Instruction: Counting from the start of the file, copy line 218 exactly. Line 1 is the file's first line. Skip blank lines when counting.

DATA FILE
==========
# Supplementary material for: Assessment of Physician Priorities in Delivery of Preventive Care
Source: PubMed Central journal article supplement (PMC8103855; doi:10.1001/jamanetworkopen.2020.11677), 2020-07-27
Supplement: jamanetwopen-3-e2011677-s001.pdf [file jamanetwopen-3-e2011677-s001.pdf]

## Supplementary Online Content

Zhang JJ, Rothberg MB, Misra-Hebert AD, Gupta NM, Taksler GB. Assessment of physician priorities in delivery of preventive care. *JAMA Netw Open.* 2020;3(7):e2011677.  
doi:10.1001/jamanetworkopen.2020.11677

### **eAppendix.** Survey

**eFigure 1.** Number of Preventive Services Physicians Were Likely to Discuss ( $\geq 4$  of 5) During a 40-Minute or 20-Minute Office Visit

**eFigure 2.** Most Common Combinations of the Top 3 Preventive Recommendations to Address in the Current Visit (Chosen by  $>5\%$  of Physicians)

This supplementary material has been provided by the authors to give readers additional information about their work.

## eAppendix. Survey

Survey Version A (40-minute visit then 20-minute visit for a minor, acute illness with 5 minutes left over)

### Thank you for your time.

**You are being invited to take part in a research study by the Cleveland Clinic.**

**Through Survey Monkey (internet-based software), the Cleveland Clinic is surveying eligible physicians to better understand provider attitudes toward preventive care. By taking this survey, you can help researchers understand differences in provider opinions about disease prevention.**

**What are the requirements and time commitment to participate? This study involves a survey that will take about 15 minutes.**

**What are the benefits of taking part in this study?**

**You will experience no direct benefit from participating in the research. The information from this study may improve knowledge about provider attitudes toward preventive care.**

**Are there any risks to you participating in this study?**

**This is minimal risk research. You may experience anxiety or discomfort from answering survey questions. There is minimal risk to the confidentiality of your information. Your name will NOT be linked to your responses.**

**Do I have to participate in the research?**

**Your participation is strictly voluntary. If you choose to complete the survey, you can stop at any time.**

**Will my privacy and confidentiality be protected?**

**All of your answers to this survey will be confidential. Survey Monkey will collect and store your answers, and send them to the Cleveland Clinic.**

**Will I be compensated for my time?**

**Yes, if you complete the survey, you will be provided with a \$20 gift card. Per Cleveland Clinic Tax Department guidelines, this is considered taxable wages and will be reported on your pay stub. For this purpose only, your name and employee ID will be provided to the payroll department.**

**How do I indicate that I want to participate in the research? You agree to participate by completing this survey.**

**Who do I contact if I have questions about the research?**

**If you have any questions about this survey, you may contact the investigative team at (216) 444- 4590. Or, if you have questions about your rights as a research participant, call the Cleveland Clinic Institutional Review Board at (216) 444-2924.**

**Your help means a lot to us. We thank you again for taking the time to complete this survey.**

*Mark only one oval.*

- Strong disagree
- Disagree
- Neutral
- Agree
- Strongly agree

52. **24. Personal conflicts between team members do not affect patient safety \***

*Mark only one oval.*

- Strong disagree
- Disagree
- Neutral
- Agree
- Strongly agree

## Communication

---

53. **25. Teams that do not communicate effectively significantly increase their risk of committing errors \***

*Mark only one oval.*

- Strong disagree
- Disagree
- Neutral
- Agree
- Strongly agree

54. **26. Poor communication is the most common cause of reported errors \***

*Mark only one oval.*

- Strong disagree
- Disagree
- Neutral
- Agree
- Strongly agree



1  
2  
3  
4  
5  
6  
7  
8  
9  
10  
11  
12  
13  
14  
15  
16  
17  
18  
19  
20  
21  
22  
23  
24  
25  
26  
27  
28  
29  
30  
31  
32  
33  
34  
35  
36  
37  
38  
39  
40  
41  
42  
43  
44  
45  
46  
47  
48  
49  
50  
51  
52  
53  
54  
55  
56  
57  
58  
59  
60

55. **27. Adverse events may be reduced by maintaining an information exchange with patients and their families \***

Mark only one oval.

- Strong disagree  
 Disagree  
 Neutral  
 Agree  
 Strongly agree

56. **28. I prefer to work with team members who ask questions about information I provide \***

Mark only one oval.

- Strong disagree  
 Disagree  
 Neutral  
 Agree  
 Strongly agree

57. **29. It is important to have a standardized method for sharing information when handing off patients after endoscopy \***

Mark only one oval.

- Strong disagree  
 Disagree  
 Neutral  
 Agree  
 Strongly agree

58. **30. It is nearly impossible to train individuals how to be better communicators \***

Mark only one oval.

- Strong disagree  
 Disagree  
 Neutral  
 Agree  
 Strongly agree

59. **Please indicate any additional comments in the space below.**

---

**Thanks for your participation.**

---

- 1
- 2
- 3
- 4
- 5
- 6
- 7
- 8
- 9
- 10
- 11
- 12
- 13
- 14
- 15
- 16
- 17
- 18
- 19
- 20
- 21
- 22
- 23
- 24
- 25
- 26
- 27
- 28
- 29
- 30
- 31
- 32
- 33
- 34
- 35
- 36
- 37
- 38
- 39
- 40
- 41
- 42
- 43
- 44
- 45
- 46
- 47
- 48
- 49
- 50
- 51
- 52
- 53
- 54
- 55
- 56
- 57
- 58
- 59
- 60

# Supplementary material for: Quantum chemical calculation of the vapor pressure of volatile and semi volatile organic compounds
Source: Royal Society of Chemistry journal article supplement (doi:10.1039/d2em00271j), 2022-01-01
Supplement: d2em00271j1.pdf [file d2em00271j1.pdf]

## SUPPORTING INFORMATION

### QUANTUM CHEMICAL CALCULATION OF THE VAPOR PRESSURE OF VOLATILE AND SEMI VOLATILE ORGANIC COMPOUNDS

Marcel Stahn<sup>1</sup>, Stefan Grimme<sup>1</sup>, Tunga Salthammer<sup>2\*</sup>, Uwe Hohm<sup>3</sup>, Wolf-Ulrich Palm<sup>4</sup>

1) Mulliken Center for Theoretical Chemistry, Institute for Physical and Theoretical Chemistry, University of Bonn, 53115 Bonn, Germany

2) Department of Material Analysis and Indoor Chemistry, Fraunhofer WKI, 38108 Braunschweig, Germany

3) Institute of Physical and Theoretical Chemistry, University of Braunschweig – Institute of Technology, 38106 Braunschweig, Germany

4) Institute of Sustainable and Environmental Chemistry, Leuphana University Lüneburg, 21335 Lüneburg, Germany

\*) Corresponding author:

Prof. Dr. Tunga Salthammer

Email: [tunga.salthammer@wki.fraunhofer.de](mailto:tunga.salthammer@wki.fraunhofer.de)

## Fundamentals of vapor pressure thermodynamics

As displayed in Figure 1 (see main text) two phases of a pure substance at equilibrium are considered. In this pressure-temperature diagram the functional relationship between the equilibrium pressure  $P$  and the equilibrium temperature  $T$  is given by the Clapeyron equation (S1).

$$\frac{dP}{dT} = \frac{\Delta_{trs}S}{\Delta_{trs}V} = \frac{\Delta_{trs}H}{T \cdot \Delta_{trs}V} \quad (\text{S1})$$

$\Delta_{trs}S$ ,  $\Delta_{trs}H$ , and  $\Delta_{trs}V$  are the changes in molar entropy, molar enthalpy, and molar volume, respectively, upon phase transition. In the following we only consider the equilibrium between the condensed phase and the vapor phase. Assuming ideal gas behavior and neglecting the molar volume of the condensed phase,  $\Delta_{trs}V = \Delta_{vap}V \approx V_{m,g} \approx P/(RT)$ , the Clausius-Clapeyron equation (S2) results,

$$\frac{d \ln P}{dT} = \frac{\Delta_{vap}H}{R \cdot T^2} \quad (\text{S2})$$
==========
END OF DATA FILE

1) Mulliken Center for Theoretical Chemistry, Institute for Physical and Theoretical Chemistry, University of Bonn, 53115 Bonn, Germany